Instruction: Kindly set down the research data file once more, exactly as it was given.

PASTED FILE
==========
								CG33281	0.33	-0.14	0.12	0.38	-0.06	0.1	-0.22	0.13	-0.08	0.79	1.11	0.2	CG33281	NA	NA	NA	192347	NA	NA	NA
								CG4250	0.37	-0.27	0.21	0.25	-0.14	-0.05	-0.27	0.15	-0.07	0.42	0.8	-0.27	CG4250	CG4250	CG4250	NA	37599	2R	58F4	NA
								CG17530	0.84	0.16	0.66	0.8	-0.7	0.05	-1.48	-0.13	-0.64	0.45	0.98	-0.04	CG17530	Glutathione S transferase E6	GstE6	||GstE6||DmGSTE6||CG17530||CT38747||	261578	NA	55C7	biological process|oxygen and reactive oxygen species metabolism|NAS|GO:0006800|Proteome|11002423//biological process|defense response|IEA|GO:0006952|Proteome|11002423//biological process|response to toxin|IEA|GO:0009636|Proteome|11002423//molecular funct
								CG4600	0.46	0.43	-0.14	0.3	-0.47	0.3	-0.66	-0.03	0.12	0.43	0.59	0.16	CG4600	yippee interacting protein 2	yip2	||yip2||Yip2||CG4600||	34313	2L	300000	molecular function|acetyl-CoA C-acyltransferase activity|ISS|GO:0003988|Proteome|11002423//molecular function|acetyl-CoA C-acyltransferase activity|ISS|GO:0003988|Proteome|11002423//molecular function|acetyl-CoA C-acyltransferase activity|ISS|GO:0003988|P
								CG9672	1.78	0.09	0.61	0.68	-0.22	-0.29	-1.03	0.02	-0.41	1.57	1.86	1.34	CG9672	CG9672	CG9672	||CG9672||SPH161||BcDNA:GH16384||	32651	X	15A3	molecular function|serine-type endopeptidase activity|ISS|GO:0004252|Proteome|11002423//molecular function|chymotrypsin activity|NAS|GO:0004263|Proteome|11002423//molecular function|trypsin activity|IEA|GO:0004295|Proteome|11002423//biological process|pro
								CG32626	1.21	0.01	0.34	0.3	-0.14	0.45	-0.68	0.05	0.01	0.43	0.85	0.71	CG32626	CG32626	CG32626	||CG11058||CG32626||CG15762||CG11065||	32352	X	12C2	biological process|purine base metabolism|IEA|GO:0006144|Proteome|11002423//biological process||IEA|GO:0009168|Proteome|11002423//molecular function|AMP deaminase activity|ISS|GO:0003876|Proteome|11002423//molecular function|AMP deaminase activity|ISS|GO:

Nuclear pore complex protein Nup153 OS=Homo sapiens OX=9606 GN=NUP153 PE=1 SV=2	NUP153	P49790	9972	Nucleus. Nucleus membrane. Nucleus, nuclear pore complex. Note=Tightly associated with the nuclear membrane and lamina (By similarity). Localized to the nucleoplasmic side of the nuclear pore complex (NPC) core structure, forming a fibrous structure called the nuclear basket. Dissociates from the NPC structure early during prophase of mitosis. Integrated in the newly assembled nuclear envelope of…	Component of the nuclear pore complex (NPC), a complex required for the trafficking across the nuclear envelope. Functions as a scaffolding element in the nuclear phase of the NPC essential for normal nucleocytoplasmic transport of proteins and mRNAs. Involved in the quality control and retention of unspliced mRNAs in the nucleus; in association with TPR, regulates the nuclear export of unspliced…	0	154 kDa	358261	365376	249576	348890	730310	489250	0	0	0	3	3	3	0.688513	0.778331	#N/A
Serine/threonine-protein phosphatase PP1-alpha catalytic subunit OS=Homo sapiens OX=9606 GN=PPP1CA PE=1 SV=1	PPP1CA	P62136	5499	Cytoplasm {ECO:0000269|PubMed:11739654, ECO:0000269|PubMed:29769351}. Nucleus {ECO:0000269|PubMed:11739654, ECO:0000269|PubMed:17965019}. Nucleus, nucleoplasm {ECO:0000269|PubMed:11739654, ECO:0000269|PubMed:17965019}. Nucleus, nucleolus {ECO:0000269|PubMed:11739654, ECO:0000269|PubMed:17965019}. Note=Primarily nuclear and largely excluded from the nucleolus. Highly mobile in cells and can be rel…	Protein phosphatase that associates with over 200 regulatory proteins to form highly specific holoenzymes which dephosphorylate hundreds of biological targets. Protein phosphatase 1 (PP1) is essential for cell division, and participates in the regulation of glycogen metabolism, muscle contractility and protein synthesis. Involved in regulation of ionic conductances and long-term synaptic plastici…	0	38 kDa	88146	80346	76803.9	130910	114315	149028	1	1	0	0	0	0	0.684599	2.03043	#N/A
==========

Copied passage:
								CG33281	0.33	-0.14	0.12	0.38	-0.06	0.1	-0.22	0.13	-0.08	0.79	1.11	0.2	CG33281	NA	NA	NA	192347	NA	NA	NA
								CG4250	0.37	-0.27	0.21	0.25	-0.14	-0.05	-0.27	0.15	-0.07	0.42	0.8	-0.27	CG4250	CG4250	CG4250	NA	37599	2R	58F4	NA
								CG17530	0.84	0.16	0.66	0.8	-0.7	0.05	-1.48	-0.13	-0.64	0.45	0.98	-0.04	CG17530	Glutathione S transferase E6	GstE6	||GstE6||DmGSTE6||CG17530||CT38747||	261578	NA	55C7	biological process|oxygen and reactive oxygen species metabolism|NAS|GO:0006800|Proteome|11002423//biological process|defense response|IEA|GO:0006952|Proteome|11002423//biological process|response to toxin|IEA|GO:0009636|Proteome|11002423//molecular funct
								CG4600	0.46	0.43	-0.14	0.3	-0.47	0.3	-0.66	-0.03	0.12	0.43	0.59	0.16	CG4600	yippee interacting protein 2	yip2	||yip2||Yip2||CG4600||	34313	2L	300000	molecular function|acetyl-CoA C-acyltransferase activity|ISS|GO:0003988|Proteome|11002423//molecular function|acetyl-CoA C-acyltransferase activity|ISS|GO:0003988|Proteome|11002423//molecular function|acetyl-CoA C-acyltransferase activity|ISS|GO:0003988|P
								CG9672	1.78	0.09	0.61	0.68	-0.22	-0.29	-1.03	0.02	-0.41	1.57	1.86	1.34	CG9672	CG9672	CG9672	||CG9672||SPH161||BcDNA:GH16384||	32651	X	15A3	molecular function|serine-type endopeptidase activity|ISS|GO:0004252|Proteome|11002423//molecular function|chymotrypsin activity|NAS|GO:0004263|Proteome|11002423//molecular function|trypsin activity|IEA|GO:0004295|Proteome|11002423//biological process|pro
								CG32626	1.21	0.01	0.34	0.3	-0.14	0.45	-0.68	0.05	0.01	0.43	0.85	0.71	CG32626	CG32626	CG32626	||CG11058||CG32626||CG15762||CG11065||	32352	X	12C2	biological process|purine base metabolism|IEA|GO:0006144|Proteome|11002423//biological process||IEA|GO:0009168|Proteome|11002423//molecular function|AMP deaminase activity|ISS|GO:0003876|Proteome|11002423//molecular function|AMP deaminase activity|ISS|GO:

Nuclear pore complex protein Nup153 OS=Homo sapiens OX=9606 GN=NUP153 PE=1 SV=2	NUP153	P49790	9972	Nucleus. Nucleus membrane. Nucleus, nuclear pore complex. Note=Tightly associated with the nuclear membrane and lamina (By similarity). Localized to the nucleoplasmic side of the nuclear pore complex (NPC) core structure, forming a fibrous structure called the nuclear basket. Dissociates from the NPC structure early during prophase of mitosis. Integrated in the newly assembled nuclear envelope of…	Component of the nuclear pore complex (NPC), a complex required for the trafficking across the nuclear envelope. Functions as a scaffolding element in the nuclear phase of the NPC essential for normal nucleocytoplasmic transport of proteins and mRNAs. Involved in the quality control and retention of unspliced mRNAs in the nucleus; in association with TPR, regulates the nuclear export of unspliced…	0	154 kDa	358261	365376	249576	348890	730310	489250	0	0	0	3	3	3	0.688513	0.778331	#N/A
Serine/threonine-protein phosphatase PP1-alpha catalytic subunit OS=Homo sapiens OX=9606 GN=PPP1CA PE=1 SV=1	PPP1CA	P62136	5499	Cytoplasm {ECO:0000269|PubMed:11739654, ECO:0000269|PubMed:29769351}. Nucleus {ECO:0000269|PubMed:11739654, ECO:0000269|PubMed:17965019}. Nucleus, nucleoplasm {ECO:0000269|PubMed:11739654, ECO:0000269|PubMed:17965019}. Nucleus, nucleolus {ECO:0000269|PubMed:11739654, ECO:0000269|PubMed:17965019}. Note=Primarily nuclear and largely excluded from the nucleolus. Highly mobile in cells and can be rel…	Protein phosphatase that associates with over 200 regulatory proteins to form highly specific holoenzymes which dephosphorylate hundreds of biological targets. Protein phosphatase 1 (PP1) is essential for cell division, and participates in the regulation of glycogen metabolism, muscle contractility and protein synthesis. Involved in regulation of ionic conductances and long-term synaptic plastici…	0	38 kDa	88146	80346	76803.9	130910	114315	149028	1	1	0	0	0	0	0.684599	2.03043	#N/A